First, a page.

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Know when to change sports

If your favorite sport causes chronic pain or an injury that does not heal, you should probably switch to another sport. Two recent studies from the Argentine Tennis Association followed players with knee and shoulder problems (British Journal of Sports Medicine, May 2006). In the first study, men who had anterior cruciate ligament (ACL) tears showed a great drop in their tennis performance. The knee is just two sticks held together by four bands, called ligaments. Two ligaments are located on the outside of the knee and two ligaments cross in the middle of the knee joint. The ACL runs from the bottom of the upper bone of the knee joint forward to the top of the lower bone of the knee joint. It prevents the upper bone of the knee joint from slipping backward when your knee hits the ground. When this ligament is torn, each foot strike causes the upper bone to slide backward over the lower bone, shears off cartilage in the process and hastens a knee replacement. It is downright dangerous for a person with a torn ACL to play tennis or run until the ligament is replaced. Even then the surgical replacement is not as strong as the original ACL and that person risks joint damage every time he runs, jumps and turns on his knee joint.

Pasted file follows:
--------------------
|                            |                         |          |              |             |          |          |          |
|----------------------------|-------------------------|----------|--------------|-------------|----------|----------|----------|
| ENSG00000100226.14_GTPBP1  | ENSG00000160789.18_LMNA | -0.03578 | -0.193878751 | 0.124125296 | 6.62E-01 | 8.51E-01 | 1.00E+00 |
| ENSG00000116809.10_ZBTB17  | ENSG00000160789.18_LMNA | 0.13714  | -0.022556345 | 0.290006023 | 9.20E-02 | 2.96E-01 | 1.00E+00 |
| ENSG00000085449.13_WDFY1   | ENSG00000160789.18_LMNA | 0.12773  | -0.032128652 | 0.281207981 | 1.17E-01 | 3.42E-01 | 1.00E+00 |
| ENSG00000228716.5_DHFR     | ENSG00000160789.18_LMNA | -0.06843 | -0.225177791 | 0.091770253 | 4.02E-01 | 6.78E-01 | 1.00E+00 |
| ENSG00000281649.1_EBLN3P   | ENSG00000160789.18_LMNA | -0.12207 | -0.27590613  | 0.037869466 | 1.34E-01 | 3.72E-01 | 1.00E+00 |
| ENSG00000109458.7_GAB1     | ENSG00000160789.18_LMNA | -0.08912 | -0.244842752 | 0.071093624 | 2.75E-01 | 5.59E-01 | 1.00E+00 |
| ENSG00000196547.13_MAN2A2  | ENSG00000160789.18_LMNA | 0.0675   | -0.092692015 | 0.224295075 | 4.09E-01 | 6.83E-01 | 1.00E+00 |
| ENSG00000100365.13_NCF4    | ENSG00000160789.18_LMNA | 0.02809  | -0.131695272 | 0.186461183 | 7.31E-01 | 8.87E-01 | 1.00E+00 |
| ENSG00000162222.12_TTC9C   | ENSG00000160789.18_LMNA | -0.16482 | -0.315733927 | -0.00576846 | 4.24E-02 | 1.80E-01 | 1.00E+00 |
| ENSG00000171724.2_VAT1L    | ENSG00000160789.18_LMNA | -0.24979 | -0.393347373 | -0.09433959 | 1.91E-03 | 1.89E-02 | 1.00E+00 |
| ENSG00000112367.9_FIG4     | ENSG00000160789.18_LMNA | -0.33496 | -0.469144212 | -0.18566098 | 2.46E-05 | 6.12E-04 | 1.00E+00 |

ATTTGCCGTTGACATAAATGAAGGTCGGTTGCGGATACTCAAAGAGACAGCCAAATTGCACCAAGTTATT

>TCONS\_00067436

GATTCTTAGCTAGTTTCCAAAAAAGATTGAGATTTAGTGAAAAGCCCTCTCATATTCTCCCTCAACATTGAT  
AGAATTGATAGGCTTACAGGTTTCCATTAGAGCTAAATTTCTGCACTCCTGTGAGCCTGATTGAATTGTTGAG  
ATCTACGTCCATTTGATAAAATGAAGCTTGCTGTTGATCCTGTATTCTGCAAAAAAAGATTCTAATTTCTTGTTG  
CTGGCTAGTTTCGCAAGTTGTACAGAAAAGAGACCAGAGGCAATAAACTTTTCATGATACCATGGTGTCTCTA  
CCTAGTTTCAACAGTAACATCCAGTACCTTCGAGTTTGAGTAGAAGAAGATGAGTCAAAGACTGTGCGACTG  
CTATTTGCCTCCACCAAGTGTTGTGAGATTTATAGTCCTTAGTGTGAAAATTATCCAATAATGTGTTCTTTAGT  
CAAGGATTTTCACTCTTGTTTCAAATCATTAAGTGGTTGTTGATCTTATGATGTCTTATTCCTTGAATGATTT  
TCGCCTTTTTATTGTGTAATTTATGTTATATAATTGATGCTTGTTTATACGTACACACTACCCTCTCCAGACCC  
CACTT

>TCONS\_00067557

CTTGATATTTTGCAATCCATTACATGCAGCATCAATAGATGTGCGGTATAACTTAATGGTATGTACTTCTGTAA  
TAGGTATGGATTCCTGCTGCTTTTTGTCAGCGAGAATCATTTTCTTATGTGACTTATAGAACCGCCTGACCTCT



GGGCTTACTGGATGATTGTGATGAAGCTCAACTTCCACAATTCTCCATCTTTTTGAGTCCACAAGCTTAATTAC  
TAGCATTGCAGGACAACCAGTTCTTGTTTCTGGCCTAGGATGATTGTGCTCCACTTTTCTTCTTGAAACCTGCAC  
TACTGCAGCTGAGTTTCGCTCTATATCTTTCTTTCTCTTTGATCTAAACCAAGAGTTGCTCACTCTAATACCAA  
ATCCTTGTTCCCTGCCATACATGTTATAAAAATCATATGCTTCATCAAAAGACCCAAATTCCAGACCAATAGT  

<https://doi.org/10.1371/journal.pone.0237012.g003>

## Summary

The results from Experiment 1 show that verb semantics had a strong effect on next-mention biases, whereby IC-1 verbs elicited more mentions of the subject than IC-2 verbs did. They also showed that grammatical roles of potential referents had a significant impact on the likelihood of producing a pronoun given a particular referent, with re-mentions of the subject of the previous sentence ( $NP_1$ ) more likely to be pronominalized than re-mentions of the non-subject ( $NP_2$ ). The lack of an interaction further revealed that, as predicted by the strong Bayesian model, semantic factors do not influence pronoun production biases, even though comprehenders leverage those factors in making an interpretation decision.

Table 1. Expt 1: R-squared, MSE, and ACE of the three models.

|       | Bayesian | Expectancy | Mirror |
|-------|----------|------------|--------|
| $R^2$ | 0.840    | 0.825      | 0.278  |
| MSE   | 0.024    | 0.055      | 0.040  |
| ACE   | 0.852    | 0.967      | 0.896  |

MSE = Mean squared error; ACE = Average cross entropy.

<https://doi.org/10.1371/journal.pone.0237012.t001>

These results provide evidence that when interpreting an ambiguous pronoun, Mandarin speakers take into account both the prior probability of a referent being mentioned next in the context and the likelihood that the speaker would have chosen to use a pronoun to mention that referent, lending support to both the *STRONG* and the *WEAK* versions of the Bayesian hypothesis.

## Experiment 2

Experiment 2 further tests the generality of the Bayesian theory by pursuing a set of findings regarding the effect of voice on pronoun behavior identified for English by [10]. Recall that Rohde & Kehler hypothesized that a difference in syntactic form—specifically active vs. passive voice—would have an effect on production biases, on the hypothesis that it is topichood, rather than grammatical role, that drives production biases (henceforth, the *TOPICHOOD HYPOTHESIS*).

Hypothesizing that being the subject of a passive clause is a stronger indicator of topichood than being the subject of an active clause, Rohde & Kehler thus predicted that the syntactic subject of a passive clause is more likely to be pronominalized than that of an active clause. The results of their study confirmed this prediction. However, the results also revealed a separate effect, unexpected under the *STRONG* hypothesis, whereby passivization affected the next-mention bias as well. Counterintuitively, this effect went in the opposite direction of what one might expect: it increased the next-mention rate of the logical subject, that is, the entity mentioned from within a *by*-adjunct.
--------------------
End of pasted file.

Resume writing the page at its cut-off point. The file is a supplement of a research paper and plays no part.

The second study followed older men who had played tennis for many years and had no shoulder pain, surgery or trauma to their shoulders. Even with no symptoms, thirty-three percent of these men had significant x-ray findings of joint damage called osteoarthritis in their dominant shoulder, and the older they were, the more likely they were to have this damage. X rays showed increased incidence of joint space narrowing, joint cysts, bone fragments, flattening of the joint cartilage, displacement of the upper arm bone and erosion of the joint cup. If you are a long-time tennis player and have shoulder pain, your doctor will probably recommend that you stop playing tennis.

The good news is that switching to a new sport is much easier than starting from inactivity. Training principles are the same for all sports. Give yourself time to learn new skills and build up the muscles you have not used before.